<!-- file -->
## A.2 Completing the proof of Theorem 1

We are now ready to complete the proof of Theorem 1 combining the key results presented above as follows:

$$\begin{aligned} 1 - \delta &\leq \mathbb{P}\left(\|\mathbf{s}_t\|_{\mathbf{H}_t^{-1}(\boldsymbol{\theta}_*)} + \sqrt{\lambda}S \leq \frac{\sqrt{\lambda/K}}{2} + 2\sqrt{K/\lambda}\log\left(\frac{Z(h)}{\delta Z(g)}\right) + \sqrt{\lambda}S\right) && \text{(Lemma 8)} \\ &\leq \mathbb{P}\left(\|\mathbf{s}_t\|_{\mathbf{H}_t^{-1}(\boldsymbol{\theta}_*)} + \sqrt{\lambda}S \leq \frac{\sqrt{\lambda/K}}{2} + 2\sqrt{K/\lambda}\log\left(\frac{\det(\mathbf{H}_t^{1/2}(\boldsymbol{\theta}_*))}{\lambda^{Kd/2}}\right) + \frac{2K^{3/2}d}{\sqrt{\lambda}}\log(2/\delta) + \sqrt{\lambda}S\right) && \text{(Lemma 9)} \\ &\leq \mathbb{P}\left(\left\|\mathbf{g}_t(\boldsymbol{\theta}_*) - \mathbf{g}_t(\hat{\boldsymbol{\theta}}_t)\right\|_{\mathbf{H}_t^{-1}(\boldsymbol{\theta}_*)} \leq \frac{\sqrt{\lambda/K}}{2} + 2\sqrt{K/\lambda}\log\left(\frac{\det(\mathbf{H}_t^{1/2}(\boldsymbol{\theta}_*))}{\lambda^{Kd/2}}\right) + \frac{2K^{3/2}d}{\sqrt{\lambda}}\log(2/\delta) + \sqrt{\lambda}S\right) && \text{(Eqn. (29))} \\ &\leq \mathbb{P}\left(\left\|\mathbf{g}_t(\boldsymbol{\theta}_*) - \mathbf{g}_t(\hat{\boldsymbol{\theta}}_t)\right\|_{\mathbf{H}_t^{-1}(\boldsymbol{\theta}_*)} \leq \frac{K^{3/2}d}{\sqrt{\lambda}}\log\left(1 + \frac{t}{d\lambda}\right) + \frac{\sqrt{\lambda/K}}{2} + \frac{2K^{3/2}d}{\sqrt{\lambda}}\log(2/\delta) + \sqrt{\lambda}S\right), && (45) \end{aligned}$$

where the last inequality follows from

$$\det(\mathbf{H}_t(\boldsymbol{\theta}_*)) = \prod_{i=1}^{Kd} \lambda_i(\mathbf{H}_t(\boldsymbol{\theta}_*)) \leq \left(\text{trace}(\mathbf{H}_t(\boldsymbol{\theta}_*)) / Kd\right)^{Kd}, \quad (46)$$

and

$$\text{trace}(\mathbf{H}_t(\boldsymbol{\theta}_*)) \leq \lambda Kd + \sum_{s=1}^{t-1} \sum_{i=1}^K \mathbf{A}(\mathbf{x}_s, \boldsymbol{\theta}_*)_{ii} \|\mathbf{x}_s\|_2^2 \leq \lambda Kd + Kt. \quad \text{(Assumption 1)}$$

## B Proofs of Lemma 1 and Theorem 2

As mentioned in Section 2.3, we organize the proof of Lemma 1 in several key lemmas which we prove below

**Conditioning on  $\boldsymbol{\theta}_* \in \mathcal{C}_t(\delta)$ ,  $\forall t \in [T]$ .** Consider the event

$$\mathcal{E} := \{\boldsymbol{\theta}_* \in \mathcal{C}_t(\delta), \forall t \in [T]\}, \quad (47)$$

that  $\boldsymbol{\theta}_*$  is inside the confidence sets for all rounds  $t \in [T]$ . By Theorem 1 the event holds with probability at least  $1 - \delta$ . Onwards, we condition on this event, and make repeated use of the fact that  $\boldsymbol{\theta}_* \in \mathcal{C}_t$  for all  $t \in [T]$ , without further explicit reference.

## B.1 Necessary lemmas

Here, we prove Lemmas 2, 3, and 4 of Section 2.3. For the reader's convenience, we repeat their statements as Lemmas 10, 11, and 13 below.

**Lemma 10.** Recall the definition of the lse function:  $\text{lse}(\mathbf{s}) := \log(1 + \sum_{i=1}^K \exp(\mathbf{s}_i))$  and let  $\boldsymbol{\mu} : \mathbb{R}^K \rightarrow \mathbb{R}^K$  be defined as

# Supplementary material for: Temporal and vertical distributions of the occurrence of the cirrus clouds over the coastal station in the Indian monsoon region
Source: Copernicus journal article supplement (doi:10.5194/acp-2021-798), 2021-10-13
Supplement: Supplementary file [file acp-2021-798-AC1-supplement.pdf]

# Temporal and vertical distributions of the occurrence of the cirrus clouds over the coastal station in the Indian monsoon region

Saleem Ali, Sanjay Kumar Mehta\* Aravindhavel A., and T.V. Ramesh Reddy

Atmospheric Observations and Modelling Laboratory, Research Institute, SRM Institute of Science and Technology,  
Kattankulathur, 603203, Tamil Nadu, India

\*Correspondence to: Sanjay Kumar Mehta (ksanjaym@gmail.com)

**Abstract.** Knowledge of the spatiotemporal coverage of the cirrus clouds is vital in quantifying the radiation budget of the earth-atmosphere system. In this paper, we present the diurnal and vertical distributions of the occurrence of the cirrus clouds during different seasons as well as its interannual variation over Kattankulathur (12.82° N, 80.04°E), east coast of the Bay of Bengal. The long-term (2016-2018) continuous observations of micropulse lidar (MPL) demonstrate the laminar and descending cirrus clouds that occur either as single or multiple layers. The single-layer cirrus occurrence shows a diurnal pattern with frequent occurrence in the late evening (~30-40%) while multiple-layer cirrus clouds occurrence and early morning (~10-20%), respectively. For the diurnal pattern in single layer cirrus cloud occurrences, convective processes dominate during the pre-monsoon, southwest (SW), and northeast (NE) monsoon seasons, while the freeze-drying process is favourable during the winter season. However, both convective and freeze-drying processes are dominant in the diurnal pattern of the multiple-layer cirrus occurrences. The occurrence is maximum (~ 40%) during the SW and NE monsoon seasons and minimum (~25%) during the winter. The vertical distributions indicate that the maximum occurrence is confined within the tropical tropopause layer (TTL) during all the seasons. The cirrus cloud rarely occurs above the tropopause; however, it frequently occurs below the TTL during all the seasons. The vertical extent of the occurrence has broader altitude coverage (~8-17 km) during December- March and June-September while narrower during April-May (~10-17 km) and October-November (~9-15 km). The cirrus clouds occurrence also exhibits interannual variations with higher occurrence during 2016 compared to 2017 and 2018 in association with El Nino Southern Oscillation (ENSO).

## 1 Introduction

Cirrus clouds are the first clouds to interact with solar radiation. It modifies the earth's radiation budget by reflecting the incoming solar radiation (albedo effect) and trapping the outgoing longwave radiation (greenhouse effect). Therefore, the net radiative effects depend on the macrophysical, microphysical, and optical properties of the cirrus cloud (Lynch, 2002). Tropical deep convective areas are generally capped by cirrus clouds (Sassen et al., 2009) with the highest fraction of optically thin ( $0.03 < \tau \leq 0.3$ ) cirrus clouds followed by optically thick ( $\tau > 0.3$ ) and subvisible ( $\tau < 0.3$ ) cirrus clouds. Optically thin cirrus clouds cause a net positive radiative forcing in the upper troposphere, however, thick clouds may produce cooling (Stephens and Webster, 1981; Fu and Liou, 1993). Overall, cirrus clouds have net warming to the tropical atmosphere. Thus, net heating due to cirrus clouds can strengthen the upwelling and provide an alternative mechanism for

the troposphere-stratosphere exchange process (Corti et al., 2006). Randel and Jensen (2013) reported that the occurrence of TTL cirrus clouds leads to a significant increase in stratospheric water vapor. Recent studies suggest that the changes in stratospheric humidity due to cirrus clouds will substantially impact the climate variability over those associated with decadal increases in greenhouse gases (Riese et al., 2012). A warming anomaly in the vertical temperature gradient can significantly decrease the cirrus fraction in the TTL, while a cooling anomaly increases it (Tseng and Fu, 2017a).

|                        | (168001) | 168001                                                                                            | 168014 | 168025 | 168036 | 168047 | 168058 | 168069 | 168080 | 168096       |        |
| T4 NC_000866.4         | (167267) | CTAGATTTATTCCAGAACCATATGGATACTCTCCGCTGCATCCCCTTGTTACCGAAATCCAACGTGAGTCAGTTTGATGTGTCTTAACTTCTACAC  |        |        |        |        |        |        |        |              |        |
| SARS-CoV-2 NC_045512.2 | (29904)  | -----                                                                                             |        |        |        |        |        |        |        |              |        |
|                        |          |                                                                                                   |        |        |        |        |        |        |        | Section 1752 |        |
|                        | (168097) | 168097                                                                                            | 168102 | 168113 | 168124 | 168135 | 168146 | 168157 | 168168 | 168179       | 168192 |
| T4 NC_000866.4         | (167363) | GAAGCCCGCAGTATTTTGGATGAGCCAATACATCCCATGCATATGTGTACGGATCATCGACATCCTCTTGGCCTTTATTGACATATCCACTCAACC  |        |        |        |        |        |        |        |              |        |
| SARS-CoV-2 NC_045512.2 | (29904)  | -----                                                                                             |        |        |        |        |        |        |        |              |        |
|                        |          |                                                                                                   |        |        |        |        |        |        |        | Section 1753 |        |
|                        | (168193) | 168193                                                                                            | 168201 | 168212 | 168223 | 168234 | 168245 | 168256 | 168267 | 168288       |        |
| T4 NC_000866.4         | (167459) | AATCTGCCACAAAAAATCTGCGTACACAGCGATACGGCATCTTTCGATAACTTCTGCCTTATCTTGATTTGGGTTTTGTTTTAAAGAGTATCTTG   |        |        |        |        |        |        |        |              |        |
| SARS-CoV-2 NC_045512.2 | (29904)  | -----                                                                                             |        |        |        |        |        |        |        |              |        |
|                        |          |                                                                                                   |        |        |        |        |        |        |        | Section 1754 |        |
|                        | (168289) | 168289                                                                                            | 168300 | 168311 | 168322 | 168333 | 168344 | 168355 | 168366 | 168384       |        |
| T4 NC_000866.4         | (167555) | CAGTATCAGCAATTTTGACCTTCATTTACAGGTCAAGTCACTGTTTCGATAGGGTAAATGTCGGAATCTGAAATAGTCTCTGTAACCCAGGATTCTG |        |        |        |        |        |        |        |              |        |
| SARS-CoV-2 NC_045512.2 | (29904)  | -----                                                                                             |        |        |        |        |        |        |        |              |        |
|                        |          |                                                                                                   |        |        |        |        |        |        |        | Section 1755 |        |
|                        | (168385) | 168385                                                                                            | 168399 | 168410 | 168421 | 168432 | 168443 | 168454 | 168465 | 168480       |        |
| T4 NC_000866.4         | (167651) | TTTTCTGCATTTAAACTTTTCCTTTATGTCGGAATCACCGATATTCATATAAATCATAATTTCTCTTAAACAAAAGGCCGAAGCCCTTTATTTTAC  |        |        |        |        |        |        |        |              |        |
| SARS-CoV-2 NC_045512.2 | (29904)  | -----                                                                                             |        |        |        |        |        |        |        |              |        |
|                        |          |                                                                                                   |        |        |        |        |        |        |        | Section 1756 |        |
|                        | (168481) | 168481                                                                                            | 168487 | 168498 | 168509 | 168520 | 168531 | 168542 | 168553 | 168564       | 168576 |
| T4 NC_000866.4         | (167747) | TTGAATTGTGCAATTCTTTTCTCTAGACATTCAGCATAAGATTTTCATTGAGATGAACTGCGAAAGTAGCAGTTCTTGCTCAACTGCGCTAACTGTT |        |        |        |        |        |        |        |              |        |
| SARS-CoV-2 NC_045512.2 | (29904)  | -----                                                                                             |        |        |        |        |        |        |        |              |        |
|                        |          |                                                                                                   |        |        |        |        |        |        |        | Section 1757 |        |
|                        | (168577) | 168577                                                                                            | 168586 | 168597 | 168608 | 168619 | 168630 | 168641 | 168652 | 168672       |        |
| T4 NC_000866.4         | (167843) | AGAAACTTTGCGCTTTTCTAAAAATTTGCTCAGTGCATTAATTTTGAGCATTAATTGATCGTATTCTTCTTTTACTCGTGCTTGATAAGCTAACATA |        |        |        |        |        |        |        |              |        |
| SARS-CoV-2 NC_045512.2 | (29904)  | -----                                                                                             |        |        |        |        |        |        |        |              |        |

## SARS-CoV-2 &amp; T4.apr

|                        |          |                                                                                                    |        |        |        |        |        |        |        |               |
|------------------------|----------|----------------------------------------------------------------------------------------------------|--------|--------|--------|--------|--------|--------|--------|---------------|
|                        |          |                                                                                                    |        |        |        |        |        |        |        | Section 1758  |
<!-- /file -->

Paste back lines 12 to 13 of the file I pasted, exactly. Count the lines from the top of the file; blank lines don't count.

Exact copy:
that  $\boldsymbol{\theta}_*$  is inside the confidence sets for all rounds  $t \in [T]$ . By Theorem 1 the event holds with probability at least  $1 - \delta$ . Onwards, we condition on this event, and make repeated use of the fact that  $\boldsymbol{\theta}_* \in \mathcal{C}_t$  for all  $t \in [T]$ , without further explicit reference.

## B.1 Necessary lemmas